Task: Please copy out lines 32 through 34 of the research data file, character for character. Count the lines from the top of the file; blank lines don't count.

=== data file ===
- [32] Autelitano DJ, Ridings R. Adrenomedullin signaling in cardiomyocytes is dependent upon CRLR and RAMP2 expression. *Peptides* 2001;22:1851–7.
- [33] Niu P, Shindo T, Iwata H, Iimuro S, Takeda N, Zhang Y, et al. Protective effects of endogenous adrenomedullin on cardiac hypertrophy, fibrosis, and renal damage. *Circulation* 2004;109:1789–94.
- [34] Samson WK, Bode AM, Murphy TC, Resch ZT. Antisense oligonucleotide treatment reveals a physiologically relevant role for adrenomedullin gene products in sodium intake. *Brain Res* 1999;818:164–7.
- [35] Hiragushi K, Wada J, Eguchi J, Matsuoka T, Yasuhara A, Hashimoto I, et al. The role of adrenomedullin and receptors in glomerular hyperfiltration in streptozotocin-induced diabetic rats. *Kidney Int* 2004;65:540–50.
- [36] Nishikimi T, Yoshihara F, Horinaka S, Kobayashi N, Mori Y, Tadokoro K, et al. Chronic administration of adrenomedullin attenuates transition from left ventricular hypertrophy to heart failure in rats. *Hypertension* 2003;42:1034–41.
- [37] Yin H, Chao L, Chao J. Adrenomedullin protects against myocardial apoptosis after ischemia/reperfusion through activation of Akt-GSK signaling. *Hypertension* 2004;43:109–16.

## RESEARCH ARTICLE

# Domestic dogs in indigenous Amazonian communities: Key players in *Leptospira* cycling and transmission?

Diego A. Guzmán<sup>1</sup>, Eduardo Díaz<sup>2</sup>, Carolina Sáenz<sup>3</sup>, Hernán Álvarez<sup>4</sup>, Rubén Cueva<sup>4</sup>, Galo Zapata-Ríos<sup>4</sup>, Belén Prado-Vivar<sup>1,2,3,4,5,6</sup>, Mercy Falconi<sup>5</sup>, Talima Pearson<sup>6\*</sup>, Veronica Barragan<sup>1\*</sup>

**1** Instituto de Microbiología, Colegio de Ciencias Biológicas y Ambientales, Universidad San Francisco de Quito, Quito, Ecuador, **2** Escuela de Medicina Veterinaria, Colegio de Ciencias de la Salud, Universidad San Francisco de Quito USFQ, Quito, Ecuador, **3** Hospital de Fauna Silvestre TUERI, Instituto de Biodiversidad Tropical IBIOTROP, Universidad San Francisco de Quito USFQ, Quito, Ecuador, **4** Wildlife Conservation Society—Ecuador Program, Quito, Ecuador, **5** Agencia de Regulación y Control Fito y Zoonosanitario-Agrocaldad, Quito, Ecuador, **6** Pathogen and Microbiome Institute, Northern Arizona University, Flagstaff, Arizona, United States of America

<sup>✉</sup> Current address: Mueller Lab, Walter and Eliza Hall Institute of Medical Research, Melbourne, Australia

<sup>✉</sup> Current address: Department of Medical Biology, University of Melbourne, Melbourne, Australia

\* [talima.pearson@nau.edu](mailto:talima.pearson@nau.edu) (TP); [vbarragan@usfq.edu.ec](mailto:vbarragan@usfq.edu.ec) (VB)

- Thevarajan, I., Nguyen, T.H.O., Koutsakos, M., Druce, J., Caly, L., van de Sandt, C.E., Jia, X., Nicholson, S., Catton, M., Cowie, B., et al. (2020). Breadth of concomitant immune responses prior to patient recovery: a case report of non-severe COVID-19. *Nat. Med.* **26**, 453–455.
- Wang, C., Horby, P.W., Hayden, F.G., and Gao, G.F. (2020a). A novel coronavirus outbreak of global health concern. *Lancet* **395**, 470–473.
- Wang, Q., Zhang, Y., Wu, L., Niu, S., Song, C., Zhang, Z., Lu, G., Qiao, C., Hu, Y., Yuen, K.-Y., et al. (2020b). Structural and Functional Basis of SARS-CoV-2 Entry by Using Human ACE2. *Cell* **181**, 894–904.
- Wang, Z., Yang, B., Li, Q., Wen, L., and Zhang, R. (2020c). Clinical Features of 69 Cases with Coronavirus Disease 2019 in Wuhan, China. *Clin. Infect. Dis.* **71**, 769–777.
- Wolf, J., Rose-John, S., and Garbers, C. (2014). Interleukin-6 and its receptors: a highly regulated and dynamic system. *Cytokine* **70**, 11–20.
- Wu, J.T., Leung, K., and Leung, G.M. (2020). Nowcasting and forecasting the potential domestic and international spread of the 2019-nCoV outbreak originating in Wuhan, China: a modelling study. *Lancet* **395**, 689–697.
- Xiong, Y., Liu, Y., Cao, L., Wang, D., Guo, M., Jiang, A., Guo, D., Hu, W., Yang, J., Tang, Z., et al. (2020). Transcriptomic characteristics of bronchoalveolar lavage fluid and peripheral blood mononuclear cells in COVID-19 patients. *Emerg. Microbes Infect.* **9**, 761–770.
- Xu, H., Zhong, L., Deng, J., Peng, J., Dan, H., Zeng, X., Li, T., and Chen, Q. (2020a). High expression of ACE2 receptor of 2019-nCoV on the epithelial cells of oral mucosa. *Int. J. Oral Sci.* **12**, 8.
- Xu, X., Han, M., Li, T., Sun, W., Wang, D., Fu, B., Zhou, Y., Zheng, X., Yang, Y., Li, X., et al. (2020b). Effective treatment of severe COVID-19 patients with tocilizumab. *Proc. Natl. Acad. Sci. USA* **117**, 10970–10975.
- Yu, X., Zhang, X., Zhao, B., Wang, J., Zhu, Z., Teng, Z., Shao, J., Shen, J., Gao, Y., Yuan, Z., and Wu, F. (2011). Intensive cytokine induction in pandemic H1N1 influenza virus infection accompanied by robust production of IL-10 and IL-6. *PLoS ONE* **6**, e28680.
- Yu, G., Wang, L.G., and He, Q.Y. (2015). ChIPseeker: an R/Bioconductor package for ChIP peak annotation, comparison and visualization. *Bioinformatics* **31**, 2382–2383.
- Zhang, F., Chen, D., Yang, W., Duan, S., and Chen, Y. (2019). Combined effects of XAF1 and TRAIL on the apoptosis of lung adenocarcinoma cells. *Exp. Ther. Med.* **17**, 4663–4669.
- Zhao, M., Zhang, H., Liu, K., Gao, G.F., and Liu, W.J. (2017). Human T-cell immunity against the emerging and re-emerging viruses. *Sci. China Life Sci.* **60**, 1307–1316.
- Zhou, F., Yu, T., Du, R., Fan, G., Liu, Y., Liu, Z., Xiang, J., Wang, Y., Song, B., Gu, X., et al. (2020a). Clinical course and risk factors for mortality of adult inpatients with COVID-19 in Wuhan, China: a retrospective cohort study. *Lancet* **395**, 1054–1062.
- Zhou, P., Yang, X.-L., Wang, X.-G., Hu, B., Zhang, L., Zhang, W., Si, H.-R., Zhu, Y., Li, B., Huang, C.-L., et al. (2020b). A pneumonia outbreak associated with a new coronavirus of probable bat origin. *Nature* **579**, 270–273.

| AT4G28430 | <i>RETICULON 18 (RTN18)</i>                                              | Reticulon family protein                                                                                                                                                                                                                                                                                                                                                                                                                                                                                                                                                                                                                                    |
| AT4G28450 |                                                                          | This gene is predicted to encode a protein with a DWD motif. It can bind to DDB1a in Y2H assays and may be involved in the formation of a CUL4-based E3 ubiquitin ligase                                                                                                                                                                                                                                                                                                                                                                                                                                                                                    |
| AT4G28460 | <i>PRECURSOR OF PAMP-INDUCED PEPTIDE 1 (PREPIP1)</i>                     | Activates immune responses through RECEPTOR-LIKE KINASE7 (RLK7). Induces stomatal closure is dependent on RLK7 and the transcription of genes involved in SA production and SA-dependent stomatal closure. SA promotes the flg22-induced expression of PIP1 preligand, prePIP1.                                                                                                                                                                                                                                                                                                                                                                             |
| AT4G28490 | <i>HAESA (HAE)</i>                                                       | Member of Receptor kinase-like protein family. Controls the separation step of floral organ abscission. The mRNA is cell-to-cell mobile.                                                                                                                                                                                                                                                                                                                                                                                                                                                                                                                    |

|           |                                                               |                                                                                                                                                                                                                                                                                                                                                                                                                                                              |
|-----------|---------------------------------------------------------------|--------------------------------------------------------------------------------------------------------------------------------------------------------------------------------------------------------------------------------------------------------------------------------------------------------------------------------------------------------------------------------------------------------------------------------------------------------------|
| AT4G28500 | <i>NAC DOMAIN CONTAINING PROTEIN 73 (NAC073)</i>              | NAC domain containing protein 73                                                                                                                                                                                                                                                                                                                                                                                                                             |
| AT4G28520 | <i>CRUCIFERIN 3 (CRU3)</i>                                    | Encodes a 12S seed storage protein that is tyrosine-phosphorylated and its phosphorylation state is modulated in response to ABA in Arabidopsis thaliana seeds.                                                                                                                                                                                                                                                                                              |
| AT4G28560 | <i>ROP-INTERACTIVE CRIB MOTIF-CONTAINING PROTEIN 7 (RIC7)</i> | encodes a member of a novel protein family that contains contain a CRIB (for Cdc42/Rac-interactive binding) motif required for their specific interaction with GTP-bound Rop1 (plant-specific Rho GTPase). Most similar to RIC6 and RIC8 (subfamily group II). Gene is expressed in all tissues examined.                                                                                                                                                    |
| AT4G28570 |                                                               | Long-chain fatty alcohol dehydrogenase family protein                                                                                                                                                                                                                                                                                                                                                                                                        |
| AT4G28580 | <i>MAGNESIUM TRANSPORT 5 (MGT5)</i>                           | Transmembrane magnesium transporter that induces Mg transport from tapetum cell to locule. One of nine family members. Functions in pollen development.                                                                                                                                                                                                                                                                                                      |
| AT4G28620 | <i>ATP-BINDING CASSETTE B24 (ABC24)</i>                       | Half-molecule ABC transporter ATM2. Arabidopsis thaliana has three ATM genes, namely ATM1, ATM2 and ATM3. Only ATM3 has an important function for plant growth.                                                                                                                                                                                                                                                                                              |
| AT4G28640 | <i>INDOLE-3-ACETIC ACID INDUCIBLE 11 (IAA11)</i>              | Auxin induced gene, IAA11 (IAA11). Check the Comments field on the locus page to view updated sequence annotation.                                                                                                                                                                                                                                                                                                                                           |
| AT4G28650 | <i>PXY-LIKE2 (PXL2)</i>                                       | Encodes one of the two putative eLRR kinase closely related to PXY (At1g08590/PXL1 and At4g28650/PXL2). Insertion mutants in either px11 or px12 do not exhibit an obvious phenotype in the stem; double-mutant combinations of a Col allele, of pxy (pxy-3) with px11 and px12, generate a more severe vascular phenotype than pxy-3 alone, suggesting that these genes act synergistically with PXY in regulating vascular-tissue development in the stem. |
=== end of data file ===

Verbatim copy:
| AT4G28490 | <i>HAESA (HAE)</i>                                                       | Member of Receptor kinase-like protein family. Controls the separation step of floral organ abscission. The mRNA is cell-to-cell mobile.                                                                                                                                                                                                                                                                                                                                                                                                                                                                                                                    |

|           |                                                               |                                                                                                                                                                                                                                                                                                                                                                                                                                                              |
|-----------|---------------------------------------------------------------|--------------------------------------------------------------------------------------------------------------------------------------------------------------------------------------------------------------------------------------------------------------------------------------------------------------------------------------------------------------------------------------------------------------------------------------------------------------|